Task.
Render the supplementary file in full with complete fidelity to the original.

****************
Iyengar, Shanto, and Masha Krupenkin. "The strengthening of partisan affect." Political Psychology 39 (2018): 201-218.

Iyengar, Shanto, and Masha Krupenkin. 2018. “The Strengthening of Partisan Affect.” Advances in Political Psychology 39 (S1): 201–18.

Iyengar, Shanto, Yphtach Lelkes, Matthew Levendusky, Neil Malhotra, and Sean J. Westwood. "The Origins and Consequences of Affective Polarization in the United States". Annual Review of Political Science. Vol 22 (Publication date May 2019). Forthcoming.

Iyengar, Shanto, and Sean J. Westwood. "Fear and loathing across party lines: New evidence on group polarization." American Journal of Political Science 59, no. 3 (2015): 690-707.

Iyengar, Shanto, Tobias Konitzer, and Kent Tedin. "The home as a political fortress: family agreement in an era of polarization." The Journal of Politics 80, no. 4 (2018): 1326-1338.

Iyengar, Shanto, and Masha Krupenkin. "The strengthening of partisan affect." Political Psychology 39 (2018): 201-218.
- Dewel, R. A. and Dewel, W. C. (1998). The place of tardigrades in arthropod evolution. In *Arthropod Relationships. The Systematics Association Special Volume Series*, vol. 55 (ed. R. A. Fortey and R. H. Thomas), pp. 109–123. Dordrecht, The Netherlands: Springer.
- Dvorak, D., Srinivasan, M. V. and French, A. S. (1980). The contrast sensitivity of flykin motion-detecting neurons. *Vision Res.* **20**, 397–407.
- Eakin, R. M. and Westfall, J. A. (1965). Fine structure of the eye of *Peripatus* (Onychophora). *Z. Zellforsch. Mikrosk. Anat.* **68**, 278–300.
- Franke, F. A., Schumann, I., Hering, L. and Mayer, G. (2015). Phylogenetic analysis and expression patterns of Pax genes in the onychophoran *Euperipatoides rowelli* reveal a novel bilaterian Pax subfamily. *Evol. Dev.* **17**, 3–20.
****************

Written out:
Iyengar, Shanto, and Masha Krupenkin. "The strengthening of partisan affect." Political Psychology 39 (2018): 201-218.

Iyengar, Shanto, and Masha Krupenkin. 2018. “The Strengthening of Partisan Affect.” Advances in Political Psychology 39 (S1): 201–18.

Iyengar, Shanto, Yphtach Lelkes, Matthew Levendusky, Neil Malhotra, and Sean J. Westwood. "The Origins and Consequences of Affective Polarization in the United States". Annual Review of Political Science. Vol 22 (Publication date May 2019). Forthcoming.

Iyengar, Shanto, and Sean J. Westwood. "Fear and loathing across party lines: New evidence on group polarization." American Journal of Political Science 59, no. 3 (2015): 690-707.

Iyengar, Shanto, Tobias Konitzer, and Kent Tedin. "The home as a political fortress: family agreement in an era of polarization." The Journal of Politics 80, no. 4 (2018): 1326-1338.

Iyengar, Shanto, and Masha Krupenkin. "The strengthening of partisan affect." Political Psychology 39 (2018): 201-218.
- Dewel, R. A. and Dewel, W. C. (1998). The place of tardigrades in arthropod evolution. In *Arthropod Relationships. The Systematics Association Special Volume Series*, vol. 55 (ed. R. A. Fortey and R. H. Thomas), pp. 109–123. Dordrecht, The Netherlands: Springer.
- Dvorak, D., Srinivasan, M. V. and French, A. S. (1980). The contrast sensitivity of flykin motion-detecting neurons. *Vision Res.* **20**, 397–407.
- Eakin, R. M. and Westfall, J. A. (1965). Fine structure of the eye of *Peripatus* (Onychophora). *Z. Zellforsch. Mikrosk. Anat.* **68**, 278–300.
- Franke, F. A., Schumann, I., Hering, L. and Mayer, G. (2015). Phylogenetic analysis and expression patterns of Pax genes in the onychophoran *Euperipatoides rowelli* reveal a novel bilaterian Pax subfamily. *Evol. Dev.* **17**, 3–20.